U.S. presidential elections are only nominally national contests and are not decided by the popular vote. The outcome is decided in the 50 individual states as the candidates look to win the Electoral College, with each state's impact on the outcome dependent on its population and representation in Congress.
Both Democrat Hillary Clinton, a former secretary of state, and Republican Donald Trump, a real estate tycoon seeking his first elected office, are trying to get to a majority 270 of the 538 electors to claim a four-year term in the White House.
Now, new polling released Thursday shows her surging to leads over Trump in four key battleground states, even as she pulls further ahead in national voter surveys. Other projections show her with a wide edge over the one-time television reality show host in Electoral College projections, but often not yet reaching the 270 majority figure as they fight to win swing states where Democratic and Republican support is almost evenly divided in U.S. presidential elections.
One political analyst, Amy Walter, said this week, "She has more options to get to 270 than he does. She is clearly the favorite. But, this race is not over."
The latest battleground polling shows Clinton opening a 9-percentage-point edge in the midwestern state of Michigan, a 15-point advantage in the northeastern state of New Hampshire, an 11-point lead in the eastern state of Pennsylvania and a 6-point margin in the southeastern state of Florida. All are states where Trump has campaigned and is looking to reverse Democratic voting trends in recent elections to gain an edge in the November election to replace President Barack Obama when he leaves office in January.
National polls also show Clinton, seeking to become the country's first female president, surging to bigger, but not insurmountable leads over Trump. In an average of polls, Clinton is ahead of Trump by about six points, 47.4 percent to 41.5, although the most recent poll by Fox News pegged her lead at 49-39 in the days after she and a raft of speakers denounced Trump at last week's Democratic National Convention.
Fallout over Trump comments
The recent polling has been conducted as Republicans have voiced sharp dismay over a series of Trump comments in the last week.
In a succession of interviews and comments on Twitter, Trump seemed ignorant of the ramifications of 2014 Russian takeover of Ukraine's Crimean Peninsula, repeatedly belittled the parents of a Muslim-American soldier killed in fighting in Iraq in 2004 after they attacked him at the convention and in subsequent television interviews and refused to endorse the country's top elected Republican official, House Speaker Paul Ryan, in his party primary next week.
“It almost feels like we’re at a tipping point,” Alan Abramowitz, a long-time presidential election analyst at Emory University in Atlanta, told VOA. “It’s really pretty incredible.”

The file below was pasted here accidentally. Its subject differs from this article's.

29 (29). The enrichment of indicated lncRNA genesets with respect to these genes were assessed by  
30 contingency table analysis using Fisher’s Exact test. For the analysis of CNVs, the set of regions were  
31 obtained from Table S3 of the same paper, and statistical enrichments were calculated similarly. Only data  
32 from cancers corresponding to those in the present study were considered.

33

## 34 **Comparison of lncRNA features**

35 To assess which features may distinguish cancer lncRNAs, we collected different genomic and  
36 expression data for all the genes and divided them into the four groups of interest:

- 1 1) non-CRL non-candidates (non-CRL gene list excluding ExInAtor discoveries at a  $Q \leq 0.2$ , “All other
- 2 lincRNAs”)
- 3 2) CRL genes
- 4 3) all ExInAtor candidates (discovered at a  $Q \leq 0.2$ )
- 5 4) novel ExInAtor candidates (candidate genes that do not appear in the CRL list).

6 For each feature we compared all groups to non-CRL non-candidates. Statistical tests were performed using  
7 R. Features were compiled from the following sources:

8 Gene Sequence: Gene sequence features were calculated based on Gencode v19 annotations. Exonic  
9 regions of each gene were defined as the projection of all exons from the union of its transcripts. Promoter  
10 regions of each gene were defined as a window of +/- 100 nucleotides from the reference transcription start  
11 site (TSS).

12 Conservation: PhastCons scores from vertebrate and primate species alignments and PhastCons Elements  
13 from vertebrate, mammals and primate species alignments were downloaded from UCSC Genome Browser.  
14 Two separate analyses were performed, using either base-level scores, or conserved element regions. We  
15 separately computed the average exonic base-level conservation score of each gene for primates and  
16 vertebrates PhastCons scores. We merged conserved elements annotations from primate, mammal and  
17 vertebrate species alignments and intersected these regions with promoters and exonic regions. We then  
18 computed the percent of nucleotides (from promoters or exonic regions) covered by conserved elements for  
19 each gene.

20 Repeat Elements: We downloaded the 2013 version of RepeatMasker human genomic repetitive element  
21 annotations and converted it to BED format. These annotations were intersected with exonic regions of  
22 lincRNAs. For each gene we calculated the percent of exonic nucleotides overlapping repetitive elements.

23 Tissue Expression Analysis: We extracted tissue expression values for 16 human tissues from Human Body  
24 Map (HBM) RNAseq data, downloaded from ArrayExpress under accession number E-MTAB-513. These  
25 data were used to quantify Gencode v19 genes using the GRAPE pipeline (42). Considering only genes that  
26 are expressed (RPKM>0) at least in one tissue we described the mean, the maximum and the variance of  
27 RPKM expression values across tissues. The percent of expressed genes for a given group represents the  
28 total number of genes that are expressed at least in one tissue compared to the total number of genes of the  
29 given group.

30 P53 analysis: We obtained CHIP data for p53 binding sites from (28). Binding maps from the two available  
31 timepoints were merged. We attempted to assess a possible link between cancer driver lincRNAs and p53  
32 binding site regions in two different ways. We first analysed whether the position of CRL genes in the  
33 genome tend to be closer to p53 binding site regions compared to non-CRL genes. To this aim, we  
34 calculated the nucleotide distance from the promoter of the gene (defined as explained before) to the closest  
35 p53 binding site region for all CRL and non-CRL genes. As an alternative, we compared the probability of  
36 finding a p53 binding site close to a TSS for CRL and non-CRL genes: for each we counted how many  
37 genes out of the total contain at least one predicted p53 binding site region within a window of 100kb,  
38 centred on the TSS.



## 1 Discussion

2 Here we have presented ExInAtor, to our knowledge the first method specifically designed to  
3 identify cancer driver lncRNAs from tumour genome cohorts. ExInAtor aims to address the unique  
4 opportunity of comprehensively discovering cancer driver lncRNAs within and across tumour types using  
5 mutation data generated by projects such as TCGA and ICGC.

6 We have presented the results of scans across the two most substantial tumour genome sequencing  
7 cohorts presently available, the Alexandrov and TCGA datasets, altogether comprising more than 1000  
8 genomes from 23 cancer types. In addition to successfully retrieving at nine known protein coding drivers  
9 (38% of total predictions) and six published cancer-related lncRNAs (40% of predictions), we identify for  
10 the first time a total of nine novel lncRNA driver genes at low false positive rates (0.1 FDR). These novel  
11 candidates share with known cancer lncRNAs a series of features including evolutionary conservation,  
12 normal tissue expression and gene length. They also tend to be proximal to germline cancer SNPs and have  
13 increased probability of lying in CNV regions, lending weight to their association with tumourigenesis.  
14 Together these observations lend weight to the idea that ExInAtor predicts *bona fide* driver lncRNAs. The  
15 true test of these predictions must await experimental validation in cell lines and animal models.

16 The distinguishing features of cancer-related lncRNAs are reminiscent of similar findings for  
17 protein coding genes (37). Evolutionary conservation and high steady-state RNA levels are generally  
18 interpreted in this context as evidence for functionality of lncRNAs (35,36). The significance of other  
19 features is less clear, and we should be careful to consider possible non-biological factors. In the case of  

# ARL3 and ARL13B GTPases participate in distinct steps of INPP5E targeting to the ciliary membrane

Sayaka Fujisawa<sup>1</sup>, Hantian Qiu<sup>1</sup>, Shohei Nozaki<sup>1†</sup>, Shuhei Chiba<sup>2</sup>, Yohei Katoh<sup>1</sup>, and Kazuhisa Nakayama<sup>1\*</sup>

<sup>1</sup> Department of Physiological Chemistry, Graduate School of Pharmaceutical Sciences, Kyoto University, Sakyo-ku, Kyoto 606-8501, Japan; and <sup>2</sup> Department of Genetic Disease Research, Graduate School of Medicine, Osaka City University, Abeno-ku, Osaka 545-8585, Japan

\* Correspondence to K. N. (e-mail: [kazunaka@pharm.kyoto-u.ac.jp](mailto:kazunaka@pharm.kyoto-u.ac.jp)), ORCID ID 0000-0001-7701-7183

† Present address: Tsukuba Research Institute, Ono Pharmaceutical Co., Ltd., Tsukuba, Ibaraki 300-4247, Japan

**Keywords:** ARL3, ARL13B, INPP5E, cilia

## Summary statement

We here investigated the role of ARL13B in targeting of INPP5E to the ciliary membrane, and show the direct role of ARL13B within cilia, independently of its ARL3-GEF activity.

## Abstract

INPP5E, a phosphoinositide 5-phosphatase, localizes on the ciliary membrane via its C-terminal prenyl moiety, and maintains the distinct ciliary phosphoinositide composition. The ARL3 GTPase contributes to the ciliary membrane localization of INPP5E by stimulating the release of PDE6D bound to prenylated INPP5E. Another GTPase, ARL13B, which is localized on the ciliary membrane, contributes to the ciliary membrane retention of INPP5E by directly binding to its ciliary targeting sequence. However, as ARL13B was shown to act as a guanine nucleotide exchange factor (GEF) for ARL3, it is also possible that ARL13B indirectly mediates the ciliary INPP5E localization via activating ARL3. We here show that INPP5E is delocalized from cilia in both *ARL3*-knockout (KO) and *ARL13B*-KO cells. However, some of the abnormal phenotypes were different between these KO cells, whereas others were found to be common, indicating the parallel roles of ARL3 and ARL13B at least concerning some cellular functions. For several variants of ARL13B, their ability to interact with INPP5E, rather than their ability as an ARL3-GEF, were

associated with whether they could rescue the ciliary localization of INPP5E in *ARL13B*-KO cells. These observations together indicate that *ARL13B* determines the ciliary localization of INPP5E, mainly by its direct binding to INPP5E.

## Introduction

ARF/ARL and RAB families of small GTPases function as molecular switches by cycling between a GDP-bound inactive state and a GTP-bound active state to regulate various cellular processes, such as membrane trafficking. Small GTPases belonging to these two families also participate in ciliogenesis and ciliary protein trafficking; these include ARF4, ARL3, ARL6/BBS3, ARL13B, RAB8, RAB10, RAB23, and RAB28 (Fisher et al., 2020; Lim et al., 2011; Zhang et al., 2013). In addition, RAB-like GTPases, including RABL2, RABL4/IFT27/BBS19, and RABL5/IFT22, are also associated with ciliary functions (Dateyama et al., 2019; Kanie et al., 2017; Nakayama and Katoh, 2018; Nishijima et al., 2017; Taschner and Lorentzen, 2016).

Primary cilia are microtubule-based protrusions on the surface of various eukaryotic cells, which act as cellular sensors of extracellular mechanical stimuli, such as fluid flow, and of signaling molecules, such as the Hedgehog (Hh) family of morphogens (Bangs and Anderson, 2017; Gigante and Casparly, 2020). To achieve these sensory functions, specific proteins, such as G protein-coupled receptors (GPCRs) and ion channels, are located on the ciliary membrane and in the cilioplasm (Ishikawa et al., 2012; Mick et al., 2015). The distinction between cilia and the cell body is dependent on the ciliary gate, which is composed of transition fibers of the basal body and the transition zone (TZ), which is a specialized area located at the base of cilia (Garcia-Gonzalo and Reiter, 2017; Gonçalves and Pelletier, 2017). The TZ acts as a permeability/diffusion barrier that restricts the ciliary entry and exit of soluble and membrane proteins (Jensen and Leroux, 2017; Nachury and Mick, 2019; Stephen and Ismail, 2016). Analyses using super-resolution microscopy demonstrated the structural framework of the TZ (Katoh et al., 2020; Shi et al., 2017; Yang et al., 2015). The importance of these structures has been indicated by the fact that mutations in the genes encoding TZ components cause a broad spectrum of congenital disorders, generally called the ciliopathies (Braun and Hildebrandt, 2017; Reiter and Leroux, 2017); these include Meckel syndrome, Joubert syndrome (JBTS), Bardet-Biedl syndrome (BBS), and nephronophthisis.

He said Trump “seems to believe he’s still running a primary campaign” trying to win the Republican nomination, rather than taking on Clinton three months ahead of the November 8 national election.
“This is pretty clear, this is hurting him,” Abramowitz said of Trump.
“We have to wonder whether we’ll see more erosion,” Abramowitz said. “There’s never been a candidate like [Trump], with his lack of self-control.”
He said that with polls showing American voters view both candidates unfavorably, him more than her, the contest has become “more about his fitness and suitability” to become the U.S. commander in chief.
“The Democrats are trying to turn this into a referendum on Trump and he’s trying to help them,” Abramowitz said.
‘Absence of any discipline’
Another political scientist, James Gimpel at the University of Maryland outside Washington, said “The electoral map was always challenging for the Republicans. But with his seemingly almost random comments, we’re really in uncharted waters.”
“There’s an absence of any discipline” on Trump’s part, Gimpel said.
“He is not a mistake-free candidate,” Gimpel said, while cautioning that neither is Clinton. “She might end up stumbling, too.”
Trump contemplated the state of the race at a campaign rally in Florida on Wednesday.
"Wouldn't that be embarrassing to lose to crooked Hillary Clinton? That would be terrible," he said.
Later, in an interview with a local television station, he was asked whether he has been "baited into battles" over his sometimes brash views.
"I think that's probably right," he said. "We're going to focus more on Hillary Clinton."
Walter, an analyst with the Cook Political Report, concluded that "Trump is running a disorganized, unconventional and seat-of-the-pants campaign that is driven as much by what he sees [and] hears on cable TV as anything else. This approach won him the primary but it really limits his pathways to 270 Electoral College votes."
But Walter said, "Clinton is running an organized and disciplined campaign that lacks the sort of organic excitement or enthusiasm of a 'normal' campaign. It comes across as stilted and poll-driven… to within an inch of its life."